Those Infamous Lines

I love movies. Every now and again, a line from a movie is perfect for a scene in my writing. I can quote The Princess Bride like nobody’s business. And even in my darkest writings, I find the humor of Maverick, Wayne’s World or Robin Hood: Men in Tights to be useful at keeping the reader willing to continue with my ramblings.

Most of us are guilty, using lines to interest the reader, communicate something found universally within various media. Shoot, Laurell K. Hamilton uses The Princess Bride in almost every Anita Blake novel.

An issue came to light recently while editing another author’s work. Throughout the MS were several lines from still copyrighted movies, action scenes from recent blockbuster movies, and even love scenes.

I had to note each one, noting the movie and actors, remind the author copyright laws are still in effect.

The point? When talking to someone, quoting a movie line is fine. When working to be published? You’d best acknowledge the movie to prevent legal issues.

It is argued that all plotlines are the same, it is the creativity bring the plot to light which is unique to each author. The voice, a twist on the characters, a different world – all are unique. But when quoting from others’ work, whether book, movie or speech, keep in mind the copyright.

Most don’t mind if we quote every now and again. Shoot, several authors and actors have said they find it flattering if remembered.

But we all get upset if it’s stolen and passed off as someone else’s.

“If I must, I’ll take you a piece at a time,” he said, pointing the sword, a piece of cloth at the end.

Sound familiar? Yep, Robin Hood: Prince of Thieves, the 1991 movie with Kevin Costner, spoken during the last sword fight with the Sheriff. Makes for a great action line, no denial there. Yet if you try to pass it as your own line during whatever action scene, and someone recognizes it, you could find yourself in hot water.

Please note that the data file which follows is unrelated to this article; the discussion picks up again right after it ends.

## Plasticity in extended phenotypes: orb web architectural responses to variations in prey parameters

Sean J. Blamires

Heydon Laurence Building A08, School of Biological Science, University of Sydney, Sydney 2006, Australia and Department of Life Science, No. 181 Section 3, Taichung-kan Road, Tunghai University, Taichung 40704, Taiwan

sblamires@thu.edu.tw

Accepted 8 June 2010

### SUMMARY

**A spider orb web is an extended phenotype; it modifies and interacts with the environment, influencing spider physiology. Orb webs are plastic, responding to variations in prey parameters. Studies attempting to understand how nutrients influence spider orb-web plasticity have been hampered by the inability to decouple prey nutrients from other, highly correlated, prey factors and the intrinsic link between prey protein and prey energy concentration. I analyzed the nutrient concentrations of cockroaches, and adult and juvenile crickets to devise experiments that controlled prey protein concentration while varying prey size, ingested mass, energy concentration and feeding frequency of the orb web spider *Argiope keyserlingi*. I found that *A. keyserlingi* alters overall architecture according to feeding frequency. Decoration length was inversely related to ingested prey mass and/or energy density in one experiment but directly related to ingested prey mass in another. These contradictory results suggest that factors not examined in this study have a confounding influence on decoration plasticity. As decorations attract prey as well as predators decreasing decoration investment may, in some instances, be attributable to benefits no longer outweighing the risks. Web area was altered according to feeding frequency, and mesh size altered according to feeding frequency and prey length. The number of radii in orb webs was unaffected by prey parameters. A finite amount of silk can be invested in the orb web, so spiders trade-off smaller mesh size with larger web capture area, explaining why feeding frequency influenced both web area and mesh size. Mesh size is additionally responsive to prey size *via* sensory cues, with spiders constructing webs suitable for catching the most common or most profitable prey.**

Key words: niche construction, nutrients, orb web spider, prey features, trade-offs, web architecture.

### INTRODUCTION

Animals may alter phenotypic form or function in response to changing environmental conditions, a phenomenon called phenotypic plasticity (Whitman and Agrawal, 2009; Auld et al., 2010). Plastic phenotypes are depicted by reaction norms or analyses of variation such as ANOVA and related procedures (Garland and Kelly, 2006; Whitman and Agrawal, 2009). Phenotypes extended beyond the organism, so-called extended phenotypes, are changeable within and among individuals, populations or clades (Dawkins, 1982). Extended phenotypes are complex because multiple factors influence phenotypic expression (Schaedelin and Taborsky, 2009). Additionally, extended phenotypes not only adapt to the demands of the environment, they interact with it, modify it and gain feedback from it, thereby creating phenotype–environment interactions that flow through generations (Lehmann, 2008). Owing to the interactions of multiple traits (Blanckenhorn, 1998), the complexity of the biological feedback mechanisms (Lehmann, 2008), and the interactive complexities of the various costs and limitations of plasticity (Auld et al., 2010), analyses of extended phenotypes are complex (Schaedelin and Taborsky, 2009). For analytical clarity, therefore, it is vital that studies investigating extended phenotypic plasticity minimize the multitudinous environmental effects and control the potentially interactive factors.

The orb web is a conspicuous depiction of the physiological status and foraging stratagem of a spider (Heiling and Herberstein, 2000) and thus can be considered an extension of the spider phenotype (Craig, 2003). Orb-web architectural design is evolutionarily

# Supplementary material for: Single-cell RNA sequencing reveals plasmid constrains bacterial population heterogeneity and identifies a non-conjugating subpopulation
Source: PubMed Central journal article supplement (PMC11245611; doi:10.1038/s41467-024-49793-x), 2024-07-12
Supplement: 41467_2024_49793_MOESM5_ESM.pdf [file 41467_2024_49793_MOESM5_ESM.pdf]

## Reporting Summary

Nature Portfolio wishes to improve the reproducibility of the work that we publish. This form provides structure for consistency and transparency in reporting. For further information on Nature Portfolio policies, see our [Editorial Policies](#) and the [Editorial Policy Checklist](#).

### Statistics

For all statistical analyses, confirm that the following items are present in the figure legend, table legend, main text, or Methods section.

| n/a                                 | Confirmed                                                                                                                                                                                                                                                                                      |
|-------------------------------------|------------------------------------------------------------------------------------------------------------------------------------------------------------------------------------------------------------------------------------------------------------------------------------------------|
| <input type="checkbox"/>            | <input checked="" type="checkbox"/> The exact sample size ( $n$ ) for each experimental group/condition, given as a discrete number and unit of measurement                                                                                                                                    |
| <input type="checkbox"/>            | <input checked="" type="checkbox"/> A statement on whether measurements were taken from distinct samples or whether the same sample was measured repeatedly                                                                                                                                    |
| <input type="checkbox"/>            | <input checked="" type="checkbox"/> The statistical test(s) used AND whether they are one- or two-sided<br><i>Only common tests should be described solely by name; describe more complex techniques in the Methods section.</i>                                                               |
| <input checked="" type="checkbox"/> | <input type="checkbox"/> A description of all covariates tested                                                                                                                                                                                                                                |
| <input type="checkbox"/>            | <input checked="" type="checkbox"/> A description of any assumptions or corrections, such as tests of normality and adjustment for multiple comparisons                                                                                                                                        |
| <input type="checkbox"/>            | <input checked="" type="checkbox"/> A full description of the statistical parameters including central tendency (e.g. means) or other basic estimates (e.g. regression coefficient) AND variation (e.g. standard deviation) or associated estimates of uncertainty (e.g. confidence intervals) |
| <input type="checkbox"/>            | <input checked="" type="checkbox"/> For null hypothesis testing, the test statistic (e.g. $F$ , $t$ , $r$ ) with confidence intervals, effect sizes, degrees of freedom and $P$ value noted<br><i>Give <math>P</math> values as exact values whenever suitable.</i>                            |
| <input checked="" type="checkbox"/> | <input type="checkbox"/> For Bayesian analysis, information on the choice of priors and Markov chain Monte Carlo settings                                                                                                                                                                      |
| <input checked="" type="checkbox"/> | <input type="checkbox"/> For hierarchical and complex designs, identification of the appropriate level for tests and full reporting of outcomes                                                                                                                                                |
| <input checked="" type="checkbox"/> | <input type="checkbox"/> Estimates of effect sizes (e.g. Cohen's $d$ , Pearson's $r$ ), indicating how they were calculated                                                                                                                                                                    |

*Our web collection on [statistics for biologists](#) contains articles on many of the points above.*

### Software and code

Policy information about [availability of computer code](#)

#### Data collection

What about those fairy tale retellings currently so popular? Many of us understand those are not under copyright. The new retellings will be, but the originals aren’t. Not a problem.

Most copyrighted works are recent, but by no means the only ones. Gone With the Wind is still copyrighted by Mitchell’s estate, a book more than eighty years old.

If you are going to use lines and scenes from other works, err on the side of caution, make sure you tell where it came from. When revising and editing your own work, keep a thought in the back of your mind if a scene is straight from a recent movie/book. I admit to finding little things every now and again, but they were caught and revised. Our imagination can work things in without conscious thought.

It’s also a good reason why Critique Partners and Beta Readers are so important, they often catch them if you don’t. Always a good thing.

I’m not saying don’t use them, I’m saying use them carefully.


About Queen of Red Ink

Worked for too long as an editor for publishing houses, left and went out on my own.

2 thoughts on “Those Infamous Lines

  1. Moonshade says:

    I recently ran into this problem with “Happy Birthday To You”. I used it as that one song that literally everybody knows… only to find out that, despite its age, it’s still copyrighted. And that its copyright holders are VICIOUS about protecting that (it’s why you see all those cheesy rewrites and stuff at restaurants).

    It’s one of those things to be wary of!

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